top of page


Taweez amulet to protect against marriage problems, East London, 2012

Recent Workshops

Workshops are designed to provide the opportunity for collaborative research development. They are grounded in core topics of social and cultural anthropology that have long provided the essential context for understanding fertility and reproduction, notably kinship, marriage, family, sexuality, gender, ritual and symbolic systems of collective representation and identity construction, and medical and demographic anthropology. Interdisciplinarity is a central purpose of workshops, bringing anthropologists together with historians, demographers, epidemiologists, geneticists, clinicians, and others to develop joint conceptual, empirical and applied approaches.

The Anthropological Demography of Health

International Workshop, Oxford 29-31 March, 2017

Fertility and Reproduction Studies Group

School of Anthropology

Oxford University

Centre Population et Développement

et Centre Virchow-Villermé

Université Paris-Descartes


For more than four decades, fertility and reproductive health have been the primary focus of anthropological and demographic collaboration.  Over this period, however, a body of combined research has gradually been built on a much wider range of health issues. A shortlist would include: major current and potential epidemiological trends (malaria, AIDS, obesity, influenza, TB, cholera, ebola, etc.); infant, child and maternal morbidity/mortality; nutrition; mental health; and population ageing. The balance of attention to reproduction has also begun to change, in consequence both of renewed attention to endemic infertility and childlessness  (linked variously to AIDS, pathological sterility, sex work, circumcision practices, and social and age-structural constraints), and genetic and related medical developments (notably IVF and other new reproductive technologies). In the same period, medical, demographic and social historians, often drawing on anthropological theory and perspectives, have documented the crucial role of local understanding in the successful implementation of past public health interventions.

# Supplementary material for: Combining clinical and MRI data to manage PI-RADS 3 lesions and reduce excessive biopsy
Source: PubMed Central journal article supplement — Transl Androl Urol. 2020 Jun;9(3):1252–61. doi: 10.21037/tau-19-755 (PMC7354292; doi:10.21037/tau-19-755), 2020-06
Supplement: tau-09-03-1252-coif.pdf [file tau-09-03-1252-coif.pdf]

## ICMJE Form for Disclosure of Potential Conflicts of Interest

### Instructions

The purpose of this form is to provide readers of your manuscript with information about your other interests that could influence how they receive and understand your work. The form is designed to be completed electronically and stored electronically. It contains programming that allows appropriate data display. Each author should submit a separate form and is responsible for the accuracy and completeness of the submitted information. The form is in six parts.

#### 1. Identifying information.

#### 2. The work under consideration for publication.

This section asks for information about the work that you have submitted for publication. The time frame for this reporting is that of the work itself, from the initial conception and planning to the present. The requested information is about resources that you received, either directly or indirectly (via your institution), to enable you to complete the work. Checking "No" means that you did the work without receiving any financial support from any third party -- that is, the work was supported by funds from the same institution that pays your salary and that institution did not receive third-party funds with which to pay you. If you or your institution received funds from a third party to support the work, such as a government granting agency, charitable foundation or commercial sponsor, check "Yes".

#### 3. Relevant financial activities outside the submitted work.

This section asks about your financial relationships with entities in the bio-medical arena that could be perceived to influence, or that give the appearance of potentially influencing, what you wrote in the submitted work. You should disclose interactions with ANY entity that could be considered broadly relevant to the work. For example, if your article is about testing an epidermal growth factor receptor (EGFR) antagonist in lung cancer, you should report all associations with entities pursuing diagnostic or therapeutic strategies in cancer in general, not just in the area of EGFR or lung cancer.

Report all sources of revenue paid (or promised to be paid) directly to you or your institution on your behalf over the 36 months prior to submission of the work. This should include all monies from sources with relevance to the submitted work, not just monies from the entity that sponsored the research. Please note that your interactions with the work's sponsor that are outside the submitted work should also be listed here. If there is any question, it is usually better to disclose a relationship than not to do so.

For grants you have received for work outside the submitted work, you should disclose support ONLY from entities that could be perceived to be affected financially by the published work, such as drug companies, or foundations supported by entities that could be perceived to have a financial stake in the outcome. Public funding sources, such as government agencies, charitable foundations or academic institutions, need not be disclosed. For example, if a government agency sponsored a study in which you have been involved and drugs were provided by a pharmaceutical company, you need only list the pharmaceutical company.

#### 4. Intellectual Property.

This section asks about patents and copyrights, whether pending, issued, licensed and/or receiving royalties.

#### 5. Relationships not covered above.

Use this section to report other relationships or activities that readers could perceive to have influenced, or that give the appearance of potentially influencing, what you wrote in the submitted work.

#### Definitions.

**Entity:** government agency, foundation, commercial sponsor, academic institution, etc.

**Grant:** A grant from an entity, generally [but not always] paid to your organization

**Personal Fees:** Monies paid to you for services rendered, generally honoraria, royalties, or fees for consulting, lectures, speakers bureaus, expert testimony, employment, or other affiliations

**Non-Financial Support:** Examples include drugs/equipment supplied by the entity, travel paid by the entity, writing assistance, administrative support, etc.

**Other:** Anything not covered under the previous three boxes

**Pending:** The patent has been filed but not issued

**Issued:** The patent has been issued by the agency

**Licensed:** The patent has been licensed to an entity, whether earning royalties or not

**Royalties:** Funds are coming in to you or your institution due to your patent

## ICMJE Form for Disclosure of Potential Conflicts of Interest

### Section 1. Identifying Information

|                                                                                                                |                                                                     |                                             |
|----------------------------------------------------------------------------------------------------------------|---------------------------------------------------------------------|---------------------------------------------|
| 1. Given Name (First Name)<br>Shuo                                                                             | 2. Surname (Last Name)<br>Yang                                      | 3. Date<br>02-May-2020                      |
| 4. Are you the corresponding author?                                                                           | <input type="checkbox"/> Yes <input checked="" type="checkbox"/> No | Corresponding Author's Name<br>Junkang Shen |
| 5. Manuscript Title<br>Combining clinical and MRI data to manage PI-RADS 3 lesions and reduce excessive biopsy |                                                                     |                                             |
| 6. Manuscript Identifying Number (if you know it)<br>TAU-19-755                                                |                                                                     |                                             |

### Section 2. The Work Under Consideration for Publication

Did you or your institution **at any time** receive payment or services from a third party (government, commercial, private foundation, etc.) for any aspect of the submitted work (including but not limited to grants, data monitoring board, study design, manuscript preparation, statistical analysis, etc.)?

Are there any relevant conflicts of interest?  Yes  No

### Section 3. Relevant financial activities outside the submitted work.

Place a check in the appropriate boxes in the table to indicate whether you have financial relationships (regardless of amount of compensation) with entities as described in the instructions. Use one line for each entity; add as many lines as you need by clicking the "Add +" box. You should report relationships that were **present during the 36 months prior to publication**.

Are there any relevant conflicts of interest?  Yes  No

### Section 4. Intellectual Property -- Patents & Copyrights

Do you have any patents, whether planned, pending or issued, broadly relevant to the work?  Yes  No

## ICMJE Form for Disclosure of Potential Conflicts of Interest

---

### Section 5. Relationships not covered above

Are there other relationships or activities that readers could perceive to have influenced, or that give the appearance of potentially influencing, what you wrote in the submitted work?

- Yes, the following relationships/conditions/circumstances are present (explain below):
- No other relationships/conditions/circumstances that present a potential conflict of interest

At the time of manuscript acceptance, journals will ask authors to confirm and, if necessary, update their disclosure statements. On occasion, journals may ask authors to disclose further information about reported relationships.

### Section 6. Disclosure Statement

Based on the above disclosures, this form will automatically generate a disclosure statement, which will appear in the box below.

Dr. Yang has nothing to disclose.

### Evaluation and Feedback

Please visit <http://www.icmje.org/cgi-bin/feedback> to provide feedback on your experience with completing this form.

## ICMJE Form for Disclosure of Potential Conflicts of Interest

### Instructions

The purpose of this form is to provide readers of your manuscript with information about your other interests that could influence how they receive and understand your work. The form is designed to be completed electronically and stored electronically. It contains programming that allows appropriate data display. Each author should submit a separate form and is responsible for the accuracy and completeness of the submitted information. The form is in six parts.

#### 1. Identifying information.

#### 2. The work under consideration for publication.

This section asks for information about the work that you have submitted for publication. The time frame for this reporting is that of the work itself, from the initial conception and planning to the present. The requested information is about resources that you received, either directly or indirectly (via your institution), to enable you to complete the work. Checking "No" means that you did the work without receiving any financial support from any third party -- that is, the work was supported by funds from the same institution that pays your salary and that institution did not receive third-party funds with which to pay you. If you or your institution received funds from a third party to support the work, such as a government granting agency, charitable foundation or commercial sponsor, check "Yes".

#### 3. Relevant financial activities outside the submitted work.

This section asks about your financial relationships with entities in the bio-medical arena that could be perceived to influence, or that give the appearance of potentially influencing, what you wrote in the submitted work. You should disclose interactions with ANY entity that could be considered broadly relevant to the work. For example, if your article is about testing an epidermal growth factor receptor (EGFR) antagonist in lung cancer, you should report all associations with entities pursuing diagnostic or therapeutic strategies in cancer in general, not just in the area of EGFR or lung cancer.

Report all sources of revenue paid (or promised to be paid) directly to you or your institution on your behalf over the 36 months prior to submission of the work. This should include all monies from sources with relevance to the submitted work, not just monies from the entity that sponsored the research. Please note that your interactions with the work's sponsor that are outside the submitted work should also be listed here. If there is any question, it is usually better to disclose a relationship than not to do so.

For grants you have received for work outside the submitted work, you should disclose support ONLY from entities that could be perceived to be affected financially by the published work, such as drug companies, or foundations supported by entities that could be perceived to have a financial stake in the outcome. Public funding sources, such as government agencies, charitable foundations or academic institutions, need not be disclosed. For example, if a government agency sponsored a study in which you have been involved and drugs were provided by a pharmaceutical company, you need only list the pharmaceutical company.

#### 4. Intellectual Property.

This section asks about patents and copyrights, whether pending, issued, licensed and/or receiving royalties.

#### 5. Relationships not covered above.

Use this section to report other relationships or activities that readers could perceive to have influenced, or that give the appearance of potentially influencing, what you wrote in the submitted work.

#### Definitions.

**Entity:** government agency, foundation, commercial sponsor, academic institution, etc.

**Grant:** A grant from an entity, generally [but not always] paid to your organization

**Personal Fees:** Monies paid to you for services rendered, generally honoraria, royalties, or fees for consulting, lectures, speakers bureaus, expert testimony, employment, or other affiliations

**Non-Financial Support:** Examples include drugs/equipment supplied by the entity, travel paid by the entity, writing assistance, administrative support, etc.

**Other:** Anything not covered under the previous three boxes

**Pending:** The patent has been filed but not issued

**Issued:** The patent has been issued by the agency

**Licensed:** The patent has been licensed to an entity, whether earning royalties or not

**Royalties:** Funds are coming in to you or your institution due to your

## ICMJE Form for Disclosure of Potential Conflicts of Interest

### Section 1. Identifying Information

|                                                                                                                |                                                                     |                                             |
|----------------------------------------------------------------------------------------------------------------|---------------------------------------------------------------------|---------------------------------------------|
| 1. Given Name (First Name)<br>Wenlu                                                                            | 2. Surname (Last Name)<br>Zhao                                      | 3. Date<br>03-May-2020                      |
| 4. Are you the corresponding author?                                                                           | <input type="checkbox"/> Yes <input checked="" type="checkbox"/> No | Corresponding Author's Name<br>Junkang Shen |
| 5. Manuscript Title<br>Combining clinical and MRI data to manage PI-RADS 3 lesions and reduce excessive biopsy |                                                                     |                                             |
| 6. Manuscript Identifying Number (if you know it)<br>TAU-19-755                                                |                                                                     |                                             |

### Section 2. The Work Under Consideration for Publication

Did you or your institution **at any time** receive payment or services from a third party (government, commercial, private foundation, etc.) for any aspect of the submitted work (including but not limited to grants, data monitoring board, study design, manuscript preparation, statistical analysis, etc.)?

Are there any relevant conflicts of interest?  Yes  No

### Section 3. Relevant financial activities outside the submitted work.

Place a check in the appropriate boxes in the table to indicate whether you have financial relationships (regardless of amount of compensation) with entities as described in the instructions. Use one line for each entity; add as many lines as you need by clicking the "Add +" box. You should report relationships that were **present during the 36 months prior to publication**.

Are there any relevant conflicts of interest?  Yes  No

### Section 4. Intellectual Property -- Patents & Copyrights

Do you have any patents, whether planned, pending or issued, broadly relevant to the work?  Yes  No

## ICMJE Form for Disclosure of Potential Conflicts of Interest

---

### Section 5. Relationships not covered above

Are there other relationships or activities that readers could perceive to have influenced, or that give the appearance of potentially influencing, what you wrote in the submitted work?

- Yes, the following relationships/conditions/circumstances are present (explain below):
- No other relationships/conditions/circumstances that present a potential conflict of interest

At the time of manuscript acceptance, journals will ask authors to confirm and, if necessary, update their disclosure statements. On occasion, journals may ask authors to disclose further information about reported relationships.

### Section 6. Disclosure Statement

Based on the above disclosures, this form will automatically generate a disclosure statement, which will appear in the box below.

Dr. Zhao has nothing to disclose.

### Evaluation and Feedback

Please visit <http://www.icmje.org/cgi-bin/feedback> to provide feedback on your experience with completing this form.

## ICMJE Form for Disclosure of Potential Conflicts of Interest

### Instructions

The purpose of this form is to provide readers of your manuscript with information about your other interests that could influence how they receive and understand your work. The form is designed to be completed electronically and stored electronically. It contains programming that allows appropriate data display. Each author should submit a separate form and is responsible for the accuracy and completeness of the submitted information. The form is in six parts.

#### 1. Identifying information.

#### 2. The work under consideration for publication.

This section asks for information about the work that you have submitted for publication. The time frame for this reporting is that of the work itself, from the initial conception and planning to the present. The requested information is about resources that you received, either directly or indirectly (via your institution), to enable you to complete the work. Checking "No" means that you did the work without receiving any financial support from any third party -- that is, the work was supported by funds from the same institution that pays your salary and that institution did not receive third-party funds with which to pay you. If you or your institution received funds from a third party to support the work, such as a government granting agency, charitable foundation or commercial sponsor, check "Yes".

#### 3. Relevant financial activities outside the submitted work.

The objectives of the workshop are

  • to bring together an interdisciplinary group of 20 innovative researchers whose work combines anthropological and demographic thinking on these topics.

  • to provide a well-structured forum for comparative discussion.

  • to consider whether approaches to the several topics, whilst often carried out independently, nonetheless indicate a common framework which can be used to set an agenda for future research.

  • to produce a set of publishable chapters that provides a first integrative statement of the anthropological demography of health.

 The five sessions of the workshop will be as follows:

 (For a complete listing of the programme schedule, please click here; to view programme abstracts, click here.)

  1. The Necessity of Local Understanding in Public Health Reform: A Short History. The stage is set for the workshop by papers giving historical case studies which show how and why, in European and colonial history, improvements in national mortality and health were shaped by concerted attempts to collect data on local health conditions and to understand – often very incompletely and imperfectly – the social, cultural and economic circumstances underlying them.

  2. Techniques du Corps. Anthropological demography and epidemiology provide essential methods and perspectives that enable the findings of medical anthropologists to be utilised at community and wider population levels. Following Marcel Mauss’s classic formulation, attention to specific bodily practices enables the structure of local knowledge and practice to be compared to biomedical, genetic and other scientifically driven procedures, and their implications contrasted. Case studies will address how the social construction of diet, circumcision, reproduction, and gender play a role in constituting and contesting personal and group identities, and their consequences in differing demographic and health outcomes.

  3. Life-Course Analyses. Continuing the bottom-up approach of previous sessions, it is helpful to situate bodily practices of health and healing in the context of individual and family life courses, thus addressing sub-populations at successive infant and child, childbearing, and ageing stages of life.

  4. Anthropological Demography and Epidemiology. This, and the first part of the following, session will address (a.) problems of measurement and modelling that require close attention in combined demographic and anthropological research; and (b.) examples combining anthropological and demographic thinking in the context of medical programmes addressed to mental illness, reproductive health, and AIDS.

  5. In the Concluding Session rapporteurs will summarise main outcomes of papers and discussion, leading to critical assessment  by participants of the framework of the meeting and its adequacy as a synthesis of main components of the anthropological demography of health.

      Conveners:        Véronique Petit and Yves Charbit                                                                Philip Kreager and Kaveri Qureshi

                         Centre Population et Développement (CEPED)                                           Fertility and Reproduction Studies Group (FRSG)